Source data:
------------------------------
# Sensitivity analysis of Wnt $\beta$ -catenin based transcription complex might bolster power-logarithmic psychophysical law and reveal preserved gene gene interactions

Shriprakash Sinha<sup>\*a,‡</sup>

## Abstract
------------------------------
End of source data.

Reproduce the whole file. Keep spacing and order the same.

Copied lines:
# Sensitivity analysis of Wnt $\beta$ -catenin based transcription complex might bolster power-logarithmic psychophysical law and reveal preserved gene gene interactions

Shriprakash Sinha<sup>\*a,‡</sup>

## Abstract